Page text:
Independent - Friday Wisdom Malta
Is it sustainable that we have come to a situation where earnings from labour are fiscally more oppressed than earnings from capital? Have we moved away so much from yesterday’s political battle cry of the left “Repubblika mibnija fuq ix-xoghol” (a republic built on work) to the current reality of a republic built on capital gains from property trading (or speculation, if you will), equity trading on the Malta Stock Exchange or outright gaming and gambling.
Is it sustainable to render speculation through one’s capital, assisted by uncontrolled asset price inflation, more rewarding than earnings through one’s production? What role does Malta’s political left have to defend labour’s share of the spoils, both that measured by statistical Gross Domestic Product and Gross National Income, as well as the much larger cake that includes the increase in overall wealth through asset price inflation, ie through higher real estate and quoted equity prices?
Following its defeat at the polls in 1987,
The crushing defeat of 1992 was a refreshing wake-up call, which brought substantial change in the Left’s positioning on the Maltese political spectrum, distancing itself from extreme intervention policies and moving the party to occupy the middle stream of Maltese society. Labour recognised that having succeeded in giving individuals the right to a high level of education, it could not expect those individuals to deny the right to choose their own lifestyle within the economic capacity that they had succeeded in generating. It endorsed policies for the liberalisation of trade, broadcasting, education and the movement of capital, among others.
These policies impressed where it mattered and by 1996 a new-look Labour was back in power. But it was a false dawn.
It soon became clear that while the electorate was in its majority impressed by promise of new Labour, on the inside nothing was being done to keep the old Labour on board to preserve a majority in Parliament. Without such a majority Labour crashed out of government before it had had time to leave its mark and has since been running in the wilderness trying to find a raison d’être for its existence.
Two election defeats following the loss of the parliamentary majority have not been enough to deliver the obvious message to Labour’s leader that he is Labour’s problem and cannot therefore be part of Labour’s solution.
What is so damned clear to the vast majority of the Maltese seems to get so obscure when it enters Labour’s glasshouse. When I tried to do something about it soon after the election, many told me I was rash and it was too early. Now that we are well past the mid-term point in this legislature the same people complain that it is too late to do anything about it. For Labour it seems it is never the right time to do what is right.
Or is it that their overstay in opposition has rendered Labour afraid to win back government, just as slaves were afraid to redeem themselves to the responsibilities of freedom?
And because Labour has chosen, or been forced to choose, to continue to be led by the same leader who showed an utter lack of leadership qualities when tasked with the responsibility of government, as a nation we are forced to live the unreal situation where we pretend we can live off the easy buck rather than the earned lira.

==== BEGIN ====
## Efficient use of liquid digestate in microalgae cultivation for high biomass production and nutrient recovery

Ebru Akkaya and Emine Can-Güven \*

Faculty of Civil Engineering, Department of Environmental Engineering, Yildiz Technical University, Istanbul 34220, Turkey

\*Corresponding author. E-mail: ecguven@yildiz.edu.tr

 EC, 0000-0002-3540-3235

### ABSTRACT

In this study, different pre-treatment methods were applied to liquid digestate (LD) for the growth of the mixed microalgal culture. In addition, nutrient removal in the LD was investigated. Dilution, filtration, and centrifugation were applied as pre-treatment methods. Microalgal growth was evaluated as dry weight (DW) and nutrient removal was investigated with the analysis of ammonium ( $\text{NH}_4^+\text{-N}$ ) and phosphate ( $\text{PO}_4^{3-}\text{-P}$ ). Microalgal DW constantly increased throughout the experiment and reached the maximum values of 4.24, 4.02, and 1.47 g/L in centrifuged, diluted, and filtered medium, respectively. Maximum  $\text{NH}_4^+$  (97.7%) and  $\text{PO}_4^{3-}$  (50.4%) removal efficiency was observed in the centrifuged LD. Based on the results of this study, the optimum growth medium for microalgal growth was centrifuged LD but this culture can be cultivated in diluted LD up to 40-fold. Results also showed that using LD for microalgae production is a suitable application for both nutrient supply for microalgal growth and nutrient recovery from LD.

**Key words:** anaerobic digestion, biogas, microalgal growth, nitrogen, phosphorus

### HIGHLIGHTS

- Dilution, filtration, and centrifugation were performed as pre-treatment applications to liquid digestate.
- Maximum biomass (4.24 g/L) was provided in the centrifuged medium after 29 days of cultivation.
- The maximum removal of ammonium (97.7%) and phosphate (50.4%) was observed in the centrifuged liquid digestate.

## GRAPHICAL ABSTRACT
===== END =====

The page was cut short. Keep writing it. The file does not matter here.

It is just not real to live in a country where the large majority are eager to demand a change of political leadership through the ballot box at the first real opportunity but will not do so when the alternative is Sant.
His inability to preserve a parliamentary majority is a sign of failed leadership further underlined by his taking the party to a second election defeat by capriciously and unnecessarily conditioning his bid for government to non-EU membership.
His seeking re-election to party leadership in spite of such an awful record, when it is well known that leaders are expected to leave and not be thrown out through the ballot box, further erodes his credentials for national leadership.
This is evident in the emerging trend of election results. Whenever the electorate is asked to choose between Labour and PN where Dr Sant’s return to the premiership is not in the equation, Labour tends to win handsomely (as local and European Parliament elections bear witness).
But in general elections where a PN loss would bring Dr Sant back as prime minister, the PN win by Labour’s default. It has happened twice and could happen yet again. Is it real to contemplate 26 years, bar two, of continuous PN government?
Luck seems to be on the PN’s side as well. How else can one explain the reward Malta received from the EU budget perspectives 2007-2013 where, because of our lacklustre economic performance, we statistically stayed just within the norm for full objective one funding, whereas Cyprus have had to pay the price of their economic success by soon becoming net contributors to the EU budget?
Is it real to expect that we can continue to enjoy the fruits of our inefficiencies? I am confused as to whether to wish that we can continue to dream on or whether to hope for a salutary encounter with reality in 2006. Take your pick of what is best for a Happy New Year.